The driving impressions flow like a torrent from the off. As I had already guessed, the engine dominates the car and in an entirely good way. But it’s more than just the engine alone: it’s what the transmission brings to the experience. The RS will hit the rev limiter in second gear at around 70mph compared to 85mph in a manual GT4, and don’t forget the RS has a whole extra 1000rpm of revs to pack into that gear. In third, it’s 100mph plays 115mph. This is much more profound than it looks on paper: it’s a complete sea change in not just the level of performance but how much of that glorious engine you can actually enjoy – with some semblance of responsibility – on the public road. The RS really hits its stride with 4000rpm on the dial, so just imagine the fun you can have while still not travelling at warp speed. 

OK, I’ll tell you. The motor gets all snargly in the mid-range, then opens up like the brass section of an orchestra before settling on a single, high-frequency tone over the final 1000rpm that’s so intense, and so loud in the cabin, it’s verging on painful. Photographer Aston Parrott and I both involuntarily burst into fits of childish giggles, before repeating the experience again and again, as you’d do too. But I’d argue that even better are all the bits in between those extremes. Sure, it’s rabidly quick – 0-62mph takes just 3.4 seconds – but it’s the way every last millimetre of throttle movement elicits a subtly different response from the engine. A different rate of acceleration, yes, but also a different sound, from the furious gasping for air as you lead in, to the gradual opening up of tone as those six throttle bodies widen like the mute being gradually removed from the mouth of a trumpet. You really can play tunes on this engine.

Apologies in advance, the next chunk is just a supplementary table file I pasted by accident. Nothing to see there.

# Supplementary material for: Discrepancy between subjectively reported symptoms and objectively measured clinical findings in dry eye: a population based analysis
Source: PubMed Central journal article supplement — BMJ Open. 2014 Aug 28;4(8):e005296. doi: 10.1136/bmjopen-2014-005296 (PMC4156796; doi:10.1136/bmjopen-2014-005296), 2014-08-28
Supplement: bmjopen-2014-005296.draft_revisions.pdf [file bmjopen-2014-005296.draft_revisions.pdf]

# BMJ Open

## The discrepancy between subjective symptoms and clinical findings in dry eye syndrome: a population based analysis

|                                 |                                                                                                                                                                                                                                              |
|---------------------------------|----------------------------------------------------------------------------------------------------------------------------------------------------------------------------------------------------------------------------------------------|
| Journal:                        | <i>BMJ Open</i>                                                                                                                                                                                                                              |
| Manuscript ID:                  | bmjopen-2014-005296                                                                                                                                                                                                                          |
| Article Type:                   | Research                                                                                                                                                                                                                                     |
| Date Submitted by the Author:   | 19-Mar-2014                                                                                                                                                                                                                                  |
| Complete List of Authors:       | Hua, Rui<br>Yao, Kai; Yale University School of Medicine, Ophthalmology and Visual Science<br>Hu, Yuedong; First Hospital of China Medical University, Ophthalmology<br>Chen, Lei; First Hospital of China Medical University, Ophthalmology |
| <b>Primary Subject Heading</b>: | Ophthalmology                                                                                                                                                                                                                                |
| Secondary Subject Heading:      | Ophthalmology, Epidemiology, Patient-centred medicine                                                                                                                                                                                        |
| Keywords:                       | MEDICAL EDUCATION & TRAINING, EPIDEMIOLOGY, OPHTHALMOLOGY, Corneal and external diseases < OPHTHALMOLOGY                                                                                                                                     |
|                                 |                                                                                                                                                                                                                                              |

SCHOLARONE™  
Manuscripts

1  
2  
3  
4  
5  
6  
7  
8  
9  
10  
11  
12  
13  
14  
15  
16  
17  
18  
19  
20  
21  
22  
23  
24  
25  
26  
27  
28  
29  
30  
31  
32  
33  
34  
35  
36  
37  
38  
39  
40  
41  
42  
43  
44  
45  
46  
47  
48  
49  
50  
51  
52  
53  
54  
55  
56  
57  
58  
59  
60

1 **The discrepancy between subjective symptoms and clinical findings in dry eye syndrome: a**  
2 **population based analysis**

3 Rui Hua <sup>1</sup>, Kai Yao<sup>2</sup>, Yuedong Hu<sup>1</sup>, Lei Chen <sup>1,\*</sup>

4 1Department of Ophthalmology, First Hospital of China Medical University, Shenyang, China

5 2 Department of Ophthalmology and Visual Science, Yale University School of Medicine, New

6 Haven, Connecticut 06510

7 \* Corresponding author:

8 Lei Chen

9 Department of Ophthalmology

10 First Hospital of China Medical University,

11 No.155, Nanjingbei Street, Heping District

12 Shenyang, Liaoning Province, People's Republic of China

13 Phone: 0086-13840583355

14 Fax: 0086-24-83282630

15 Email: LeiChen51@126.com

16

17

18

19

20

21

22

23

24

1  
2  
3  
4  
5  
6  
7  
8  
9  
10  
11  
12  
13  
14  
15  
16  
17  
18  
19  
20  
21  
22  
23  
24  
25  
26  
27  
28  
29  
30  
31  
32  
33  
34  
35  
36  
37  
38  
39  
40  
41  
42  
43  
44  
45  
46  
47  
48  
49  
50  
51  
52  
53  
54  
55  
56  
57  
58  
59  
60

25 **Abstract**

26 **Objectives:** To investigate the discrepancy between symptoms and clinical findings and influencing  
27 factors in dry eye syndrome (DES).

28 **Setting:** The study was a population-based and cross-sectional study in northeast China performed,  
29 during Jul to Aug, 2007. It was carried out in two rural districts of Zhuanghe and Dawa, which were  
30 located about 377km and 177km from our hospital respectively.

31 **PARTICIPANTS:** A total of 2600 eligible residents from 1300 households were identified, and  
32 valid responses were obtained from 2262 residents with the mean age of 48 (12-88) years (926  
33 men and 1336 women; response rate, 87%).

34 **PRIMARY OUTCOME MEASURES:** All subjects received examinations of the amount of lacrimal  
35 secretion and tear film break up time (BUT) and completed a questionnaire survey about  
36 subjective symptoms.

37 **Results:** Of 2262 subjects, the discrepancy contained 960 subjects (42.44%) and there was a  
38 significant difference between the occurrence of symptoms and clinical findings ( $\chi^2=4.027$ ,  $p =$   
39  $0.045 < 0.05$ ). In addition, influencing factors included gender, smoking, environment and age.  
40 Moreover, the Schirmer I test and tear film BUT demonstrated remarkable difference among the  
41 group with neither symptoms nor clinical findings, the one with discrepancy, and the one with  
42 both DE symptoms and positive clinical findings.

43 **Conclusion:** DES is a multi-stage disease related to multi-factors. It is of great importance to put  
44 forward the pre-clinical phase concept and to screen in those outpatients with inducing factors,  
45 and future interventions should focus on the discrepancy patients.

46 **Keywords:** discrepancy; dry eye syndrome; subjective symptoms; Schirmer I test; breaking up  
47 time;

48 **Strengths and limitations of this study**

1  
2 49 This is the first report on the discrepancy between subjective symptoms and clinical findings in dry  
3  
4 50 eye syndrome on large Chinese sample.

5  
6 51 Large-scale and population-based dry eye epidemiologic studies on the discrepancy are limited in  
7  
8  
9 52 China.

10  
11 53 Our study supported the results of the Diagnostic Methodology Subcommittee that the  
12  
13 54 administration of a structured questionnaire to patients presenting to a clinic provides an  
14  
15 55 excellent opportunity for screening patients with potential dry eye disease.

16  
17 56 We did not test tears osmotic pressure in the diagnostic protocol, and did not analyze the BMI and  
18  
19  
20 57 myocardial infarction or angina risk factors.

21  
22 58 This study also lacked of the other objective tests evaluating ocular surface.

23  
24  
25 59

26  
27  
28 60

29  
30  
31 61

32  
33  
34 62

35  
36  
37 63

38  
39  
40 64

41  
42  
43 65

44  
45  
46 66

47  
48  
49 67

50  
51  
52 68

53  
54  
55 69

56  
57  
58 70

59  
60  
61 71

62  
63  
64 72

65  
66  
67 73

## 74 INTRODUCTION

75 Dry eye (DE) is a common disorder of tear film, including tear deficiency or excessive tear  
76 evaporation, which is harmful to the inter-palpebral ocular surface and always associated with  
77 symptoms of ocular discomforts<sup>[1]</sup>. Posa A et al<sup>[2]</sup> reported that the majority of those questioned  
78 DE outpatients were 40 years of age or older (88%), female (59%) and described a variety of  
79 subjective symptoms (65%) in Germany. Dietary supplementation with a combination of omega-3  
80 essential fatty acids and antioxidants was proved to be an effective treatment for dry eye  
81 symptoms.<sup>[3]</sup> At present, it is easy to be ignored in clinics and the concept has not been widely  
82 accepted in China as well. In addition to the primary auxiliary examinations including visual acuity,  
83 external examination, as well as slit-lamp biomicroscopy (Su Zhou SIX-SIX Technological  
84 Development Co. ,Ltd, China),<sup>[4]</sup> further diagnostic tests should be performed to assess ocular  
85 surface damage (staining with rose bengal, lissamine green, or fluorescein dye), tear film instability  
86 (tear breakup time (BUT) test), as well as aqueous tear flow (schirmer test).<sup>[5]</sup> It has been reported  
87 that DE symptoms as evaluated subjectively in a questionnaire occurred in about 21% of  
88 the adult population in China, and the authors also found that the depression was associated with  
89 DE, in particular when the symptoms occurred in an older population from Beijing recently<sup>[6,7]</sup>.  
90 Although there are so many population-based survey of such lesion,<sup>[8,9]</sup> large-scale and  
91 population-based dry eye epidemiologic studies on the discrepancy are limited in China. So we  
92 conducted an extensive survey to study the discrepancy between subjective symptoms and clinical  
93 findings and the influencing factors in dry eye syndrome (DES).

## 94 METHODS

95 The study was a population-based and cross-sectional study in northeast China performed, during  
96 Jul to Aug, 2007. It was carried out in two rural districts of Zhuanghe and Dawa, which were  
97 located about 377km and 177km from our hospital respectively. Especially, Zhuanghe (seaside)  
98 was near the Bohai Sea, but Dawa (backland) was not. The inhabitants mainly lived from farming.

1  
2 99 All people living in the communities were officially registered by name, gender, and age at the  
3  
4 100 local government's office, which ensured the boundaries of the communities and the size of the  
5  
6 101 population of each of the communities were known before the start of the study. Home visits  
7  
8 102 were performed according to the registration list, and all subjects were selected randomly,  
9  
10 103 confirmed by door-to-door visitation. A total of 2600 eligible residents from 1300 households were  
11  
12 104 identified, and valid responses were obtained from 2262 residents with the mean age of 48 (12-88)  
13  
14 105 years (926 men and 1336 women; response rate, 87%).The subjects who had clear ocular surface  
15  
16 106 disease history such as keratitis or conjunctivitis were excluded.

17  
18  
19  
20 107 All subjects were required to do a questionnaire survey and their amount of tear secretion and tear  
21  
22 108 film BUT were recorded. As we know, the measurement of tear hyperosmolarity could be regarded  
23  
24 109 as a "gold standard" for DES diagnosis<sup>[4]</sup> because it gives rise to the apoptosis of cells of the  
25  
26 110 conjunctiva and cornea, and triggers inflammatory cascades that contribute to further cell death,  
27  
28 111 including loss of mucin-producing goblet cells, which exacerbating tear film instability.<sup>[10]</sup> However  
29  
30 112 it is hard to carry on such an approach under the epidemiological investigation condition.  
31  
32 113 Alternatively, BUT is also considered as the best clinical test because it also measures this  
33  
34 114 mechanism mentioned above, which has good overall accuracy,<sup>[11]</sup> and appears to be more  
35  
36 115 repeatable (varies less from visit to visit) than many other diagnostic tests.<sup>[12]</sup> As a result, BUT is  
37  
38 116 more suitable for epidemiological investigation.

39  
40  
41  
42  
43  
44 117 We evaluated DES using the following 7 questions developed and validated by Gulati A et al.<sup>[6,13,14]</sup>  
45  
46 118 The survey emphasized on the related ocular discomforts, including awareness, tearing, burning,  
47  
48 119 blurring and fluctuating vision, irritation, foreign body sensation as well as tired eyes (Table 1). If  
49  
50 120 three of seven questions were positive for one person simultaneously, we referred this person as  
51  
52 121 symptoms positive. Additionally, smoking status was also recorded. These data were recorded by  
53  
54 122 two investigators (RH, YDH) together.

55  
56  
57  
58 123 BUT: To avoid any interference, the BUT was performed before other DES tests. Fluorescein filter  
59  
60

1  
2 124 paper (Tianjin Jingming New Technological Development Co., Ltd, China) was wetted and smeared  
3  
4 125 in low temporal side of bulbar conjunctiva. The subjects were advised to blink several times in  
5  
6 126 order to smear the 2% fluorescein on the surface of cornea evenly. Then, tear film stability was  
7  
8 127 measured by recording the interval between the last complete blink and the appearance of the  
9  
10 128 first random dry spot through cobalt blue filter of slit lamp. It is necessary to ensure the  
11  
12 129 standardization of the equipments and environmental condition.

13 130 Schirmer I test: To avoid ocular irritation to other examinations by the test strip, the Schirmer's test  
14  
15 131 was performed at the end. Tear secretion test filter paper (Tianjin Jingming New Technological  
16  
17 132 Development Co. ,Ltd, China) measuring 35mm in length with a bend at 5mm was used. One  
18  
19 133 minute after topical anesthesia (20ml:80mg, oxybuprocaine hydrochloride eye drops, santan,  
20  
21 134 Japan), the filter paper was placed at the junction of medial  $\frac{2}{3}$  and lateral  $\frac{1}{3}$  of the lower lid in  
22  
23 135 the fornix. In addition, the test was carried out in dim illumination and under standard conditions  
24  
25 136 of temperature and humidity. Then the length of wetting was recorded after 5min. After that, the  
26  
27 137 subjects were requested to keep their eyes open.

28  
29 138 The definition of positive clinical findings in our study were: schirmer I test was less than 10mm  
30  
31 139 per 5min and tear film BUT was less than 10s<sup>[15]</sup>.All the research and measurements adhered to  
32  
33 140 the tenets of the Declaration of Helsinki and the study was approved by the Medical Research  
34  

Its infinitely variable tone, timbre and resonance, organic and authentic, makes a mockery of the sort of flat, often-augmented or entirely fake noise we’ve come to expect from modern turbocharged supercars – and of course EV hypercars – and mean that the RS’s actual numbers are somehow irrelevant. It’s fast, sure, but there’s a lot more to it than that. Be in no doubt, it’s right up there with other four-wheeled orchestras such as BMW’s E46 M3 CSL and Ferrari’s 458 Speciale.

Porsche’s mastery of its PASM damping means that while it feels taut and stable, it’s rarely crashy or uncomfortable on well surfaced roads. On the more challenging surfaces we encountered during evo Car of the Year 2022, though, its setup proved to be less than ideal, with seemingly insignificant ruts and bumps often sending the rear axle airborne. It’s reasonably subdued at a cruise, though, but any incline or any need to increase speed immediately brings that engine note flooding into the cabin, thanks in part to the gearing. Bizarrely, it reminds me of driving 1980s French hot hatches in this regard; the RS is never sleeping, it’s always ‘on’, unapologetically, unambiguously, proudly, and I love it for that. This particular car has the infotainment system delete and I couldn’t care less.  

We’ve arrived on location, and within the confines of rock faces, undergrowth and low-hanging trees I’m expecting the RS to be intense, and it is. The road’s surfaces are good, but they’re extremely narrow despite having a dotted line down the middle, with little room for error. What is immediately obvious is the sheer precision of this car: the steering really is quite beautiful, telling you absolutely everything you need to know but filtering out what you don’t. It’s a slightly more prescriptive approach than a McLaren with its hydraulically assisted rack, but no less  enjoyable. Adjustments at the wheel can be little more than thought processes channelled into deft nudges on the suede-effect rim.